The Party of John Calhoun

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In Virginia, the legislature is moving to apportion its electoral votes by congressional district, instead of by direct popular vote:

Sen. Charles W. "Bill" Carrico, R-Grayson, said the change is necessary because Virginia's populous, urbanized areas such as the Washington, D.C., suburbs and Hampton Roads can outvote rural regions such as his, rendering their will irrelevant. 

 Last fall, President Barack Obama carried Virginia for the second election in a row, making him the first Democrat since Franklin D. Roosevelt to win Virginia in back-to-back presidential elections. 

For his victories, he received all 13 of the state's electoral votes. Under Carrico's revision, Obama would have received only four Virginia electoral votes last year while Republican Mitt Romney would have received nine. Romney carried conservative rural areas while Obama dominated Virginia's cities and fast-growing suburbs.
One reason the rural areas were "outvoted" is because there were fewer votes in rural areas, and more in urban ones. If the GOP can't convince enough people to win, it will rig the rules so that certain people matter less than others.

Jamelle Bouie calls this exactly what it is:
In addition to disenfranchising voters in dense areas, this would end the principle of "one person, one vote." If Ohio operated under this scheme, for example, Obama would have received just 22 percent of the electoral votes, despite winning 52 percent of the popular vote in the state...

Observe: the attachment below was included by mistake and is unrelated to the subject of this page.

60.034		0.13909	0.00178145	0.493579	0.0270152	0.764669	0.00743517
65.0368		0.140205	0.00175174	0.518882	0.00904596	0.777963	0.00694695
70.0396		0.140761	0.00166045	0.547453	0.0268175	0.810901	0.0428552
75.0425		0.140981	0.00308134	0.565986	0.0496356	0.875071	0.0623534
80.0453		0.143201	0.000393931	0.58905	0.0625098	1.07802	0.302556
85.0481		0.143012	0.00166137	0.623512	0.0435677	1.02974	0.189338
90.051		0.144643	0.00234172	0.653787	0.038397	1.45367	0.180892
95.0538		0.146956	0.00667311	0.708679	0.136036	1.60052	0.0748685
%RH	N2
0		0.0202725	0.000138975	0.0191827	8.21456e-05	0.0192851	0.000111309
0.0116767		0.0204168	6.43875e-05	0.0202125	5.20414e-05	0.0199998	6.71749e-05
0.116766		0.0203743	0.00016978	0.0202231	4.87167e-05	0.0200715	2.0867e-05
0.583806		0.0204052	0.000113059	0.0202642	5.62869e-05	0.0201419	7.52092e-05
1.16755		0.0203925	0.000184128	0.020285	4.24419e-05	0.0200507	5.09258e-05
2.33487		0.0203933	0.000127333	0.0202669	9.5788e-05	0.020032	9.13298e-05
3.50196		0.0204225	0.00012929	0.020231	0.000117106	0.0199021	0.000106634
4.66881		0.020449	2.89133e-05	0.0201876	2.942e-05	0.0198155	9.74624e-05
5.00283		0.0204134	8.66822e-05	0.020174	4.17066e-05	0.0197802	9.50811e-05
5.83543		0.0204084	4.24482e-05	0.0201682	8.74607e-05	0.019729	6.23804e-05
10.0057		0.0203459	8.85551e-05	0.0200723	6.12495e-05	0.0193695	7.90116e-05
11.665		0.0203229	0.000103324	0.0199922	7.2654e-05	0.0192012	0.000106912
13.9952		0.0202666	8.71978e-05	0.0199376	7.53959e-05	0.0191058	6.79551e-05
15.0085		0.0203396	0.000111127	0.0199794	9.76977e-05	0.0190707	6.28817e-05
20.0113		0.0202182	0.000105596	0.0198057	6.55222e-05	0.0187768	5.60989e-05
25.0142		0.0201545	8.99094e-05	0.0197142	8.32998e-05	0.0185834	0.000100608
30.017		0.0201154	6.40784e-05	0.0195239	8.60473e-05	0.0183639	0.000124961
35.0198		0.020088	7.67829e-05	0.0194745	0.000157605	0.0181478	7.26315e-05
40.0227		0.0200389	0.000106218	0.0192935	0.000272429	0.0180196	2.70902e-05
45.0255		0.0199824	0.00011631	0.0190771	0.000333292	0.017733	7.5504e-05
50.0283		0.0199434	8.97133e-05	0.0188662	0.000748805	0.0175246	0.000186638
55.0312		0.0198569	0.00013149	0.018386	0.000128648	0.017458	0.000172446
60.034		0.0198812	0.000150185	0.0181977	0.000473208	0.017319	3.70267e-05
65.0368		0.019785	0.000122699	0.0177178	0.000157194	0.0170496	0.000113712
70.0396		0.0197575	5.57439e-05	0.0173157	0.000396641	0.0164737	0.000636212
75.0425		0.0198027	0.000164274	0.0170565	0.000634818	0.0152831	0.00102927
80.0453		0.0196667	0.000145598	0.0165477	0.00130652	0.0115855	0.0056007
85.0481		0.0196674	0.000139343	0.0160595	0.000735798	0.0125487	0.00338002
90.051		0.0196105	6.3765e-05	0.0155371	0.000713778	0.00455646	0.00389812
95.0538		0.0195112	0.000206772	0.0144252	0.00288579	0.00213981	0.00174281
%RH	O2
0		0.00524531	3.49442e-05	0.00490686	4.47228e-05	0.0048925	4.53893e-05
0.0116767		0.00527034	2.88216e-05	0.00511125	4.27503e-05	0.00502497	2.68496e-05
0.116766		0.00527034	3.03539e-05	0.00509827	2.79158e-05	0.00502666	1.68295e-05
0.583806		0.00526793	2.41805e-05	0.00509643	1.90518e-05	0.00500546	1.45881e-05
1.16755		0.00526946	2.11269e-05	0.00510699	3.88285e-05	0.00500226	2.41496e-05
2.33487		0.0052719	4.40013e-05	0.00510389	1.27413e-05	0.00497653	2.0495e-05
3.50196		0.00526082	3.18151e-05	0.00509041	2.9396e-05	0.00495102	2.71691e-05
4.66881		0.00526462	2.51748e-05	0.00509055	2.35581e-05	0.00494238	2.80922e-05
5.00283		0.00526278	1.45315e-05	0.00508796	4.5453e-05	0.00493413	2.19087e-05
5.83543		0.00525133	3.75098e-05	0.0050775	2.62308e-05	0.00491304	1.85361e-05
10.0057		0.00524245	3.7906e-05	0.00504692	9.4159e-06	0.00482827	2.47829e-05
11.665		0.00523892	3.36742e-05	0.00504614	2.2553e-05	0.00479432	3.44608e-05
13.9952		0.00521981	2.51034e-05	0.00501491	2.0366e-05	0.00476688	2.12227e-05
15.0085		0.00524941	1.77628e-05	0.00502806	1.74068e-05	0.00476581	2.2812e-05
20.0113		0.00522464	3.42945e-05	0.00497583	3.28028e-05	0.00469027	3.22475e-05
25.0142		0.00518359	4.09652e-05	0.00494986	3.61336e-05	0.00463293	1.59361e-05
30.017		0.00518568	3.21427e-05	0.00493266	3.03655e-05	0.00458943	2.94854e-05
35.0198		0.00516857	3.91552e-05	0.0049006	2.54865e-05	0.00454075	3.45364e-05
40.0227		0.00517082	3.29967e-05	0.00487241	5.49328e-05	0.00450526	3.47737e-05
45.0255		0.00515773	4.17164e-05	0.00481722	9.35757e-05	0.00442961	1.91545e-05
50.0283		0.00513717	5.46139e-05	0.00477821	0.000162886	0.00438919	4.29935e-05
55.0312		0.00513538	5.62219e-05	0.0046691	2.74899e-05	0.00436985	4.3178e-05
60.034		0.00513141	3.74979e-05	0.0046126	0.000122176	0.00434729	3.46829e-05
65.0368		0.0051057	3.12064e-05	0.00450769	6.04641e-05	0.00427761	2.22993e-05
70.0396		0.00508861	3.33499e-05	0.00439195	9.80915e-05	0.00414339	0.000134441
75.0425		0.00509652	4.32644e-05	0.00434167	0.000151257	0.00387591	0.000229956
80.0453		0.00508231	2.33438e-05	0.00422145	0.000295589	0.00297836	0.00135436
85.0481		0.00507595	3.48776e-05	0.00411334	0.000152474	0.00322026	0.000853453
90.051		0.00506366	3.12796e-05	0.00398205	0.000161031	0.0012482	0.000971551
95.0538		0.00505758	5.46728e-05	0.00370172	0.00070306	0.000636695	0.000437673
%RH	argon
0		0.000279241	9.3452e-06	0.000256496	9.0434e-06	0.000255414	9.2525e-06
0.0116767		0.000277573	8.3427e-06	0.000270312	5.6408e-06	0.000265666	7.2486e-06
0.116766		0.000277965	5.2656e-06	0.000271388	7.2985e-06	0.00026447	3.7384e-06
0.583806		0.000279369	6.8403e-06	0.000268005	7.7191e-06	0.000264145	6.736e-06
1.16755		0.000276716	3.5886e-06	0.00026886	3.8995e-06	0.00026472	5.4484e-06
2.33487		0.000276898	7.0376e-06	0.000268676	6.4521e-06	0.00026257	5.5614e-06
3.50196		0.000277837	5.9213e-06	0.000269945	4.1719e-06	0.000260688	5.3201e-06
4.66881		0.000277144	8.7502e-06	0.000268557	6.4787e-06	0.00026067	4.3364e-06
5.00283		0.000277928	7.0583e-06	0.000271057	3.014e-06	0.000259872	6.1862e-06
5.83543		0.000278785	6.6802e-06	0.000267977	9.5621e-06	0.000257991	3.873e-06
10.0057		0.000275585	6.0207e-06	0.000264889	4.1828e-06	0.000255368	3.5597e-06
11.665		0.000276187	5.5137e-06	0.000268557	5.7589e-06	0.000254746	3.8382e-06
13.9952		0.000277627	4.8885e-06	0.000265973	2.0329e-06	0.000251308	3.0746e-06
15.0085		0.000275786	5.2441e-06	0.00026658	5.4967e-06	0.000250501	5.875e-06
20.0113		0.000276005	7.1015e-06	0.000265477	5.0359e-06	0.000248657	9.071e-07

It's also worth noting, again, that this constitutes a massive disenfranchisement of African American and other nonwhite voters, who tend to cluster near urban areas. When you couple this with the move on Monday to redraw the state's electoral maps -- eliminating one state senate district and packing black voters into another, diluting their strength -- it's as if Virginia Republicans are responding to Obama's repeat victory in the state by building an electoral facsimile of Jim Crow.

I'd like to double down on that point. Efforts to disenfranchise black people, have always been most successful when they worked indirectly. After the initial post-war Black Codes were repealed, white supremacists turned to less obvious modes of discrimination -- poll taxes, grandfather clauses, and literacy tests. 

These were cloaked under a colorblind argument -- "We don't discriminate against black people, we discriminate against people who can't read the Constitution." By "read the Constitution," they meant "recite the Bill of Rights by heart." And they'd ask you to do this after reducing your school funding to a pittance. I say this to point that this is not a "new" racism. This is how it scheme went before the civil-rights movement, and this is how the scheme works today. 

To see the only other major political party in the country effectively giving up on convincing voters, and instead embarking on a strategy of disenfranchisement is bad sign for American democracy. There is nothing gleeful in this.
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Ta-Nehisi Coates is a national correspondent at The Atlantic, where he writes about culture, politics, and social issues. He is the author of the memoir The Beautiful Struggle.

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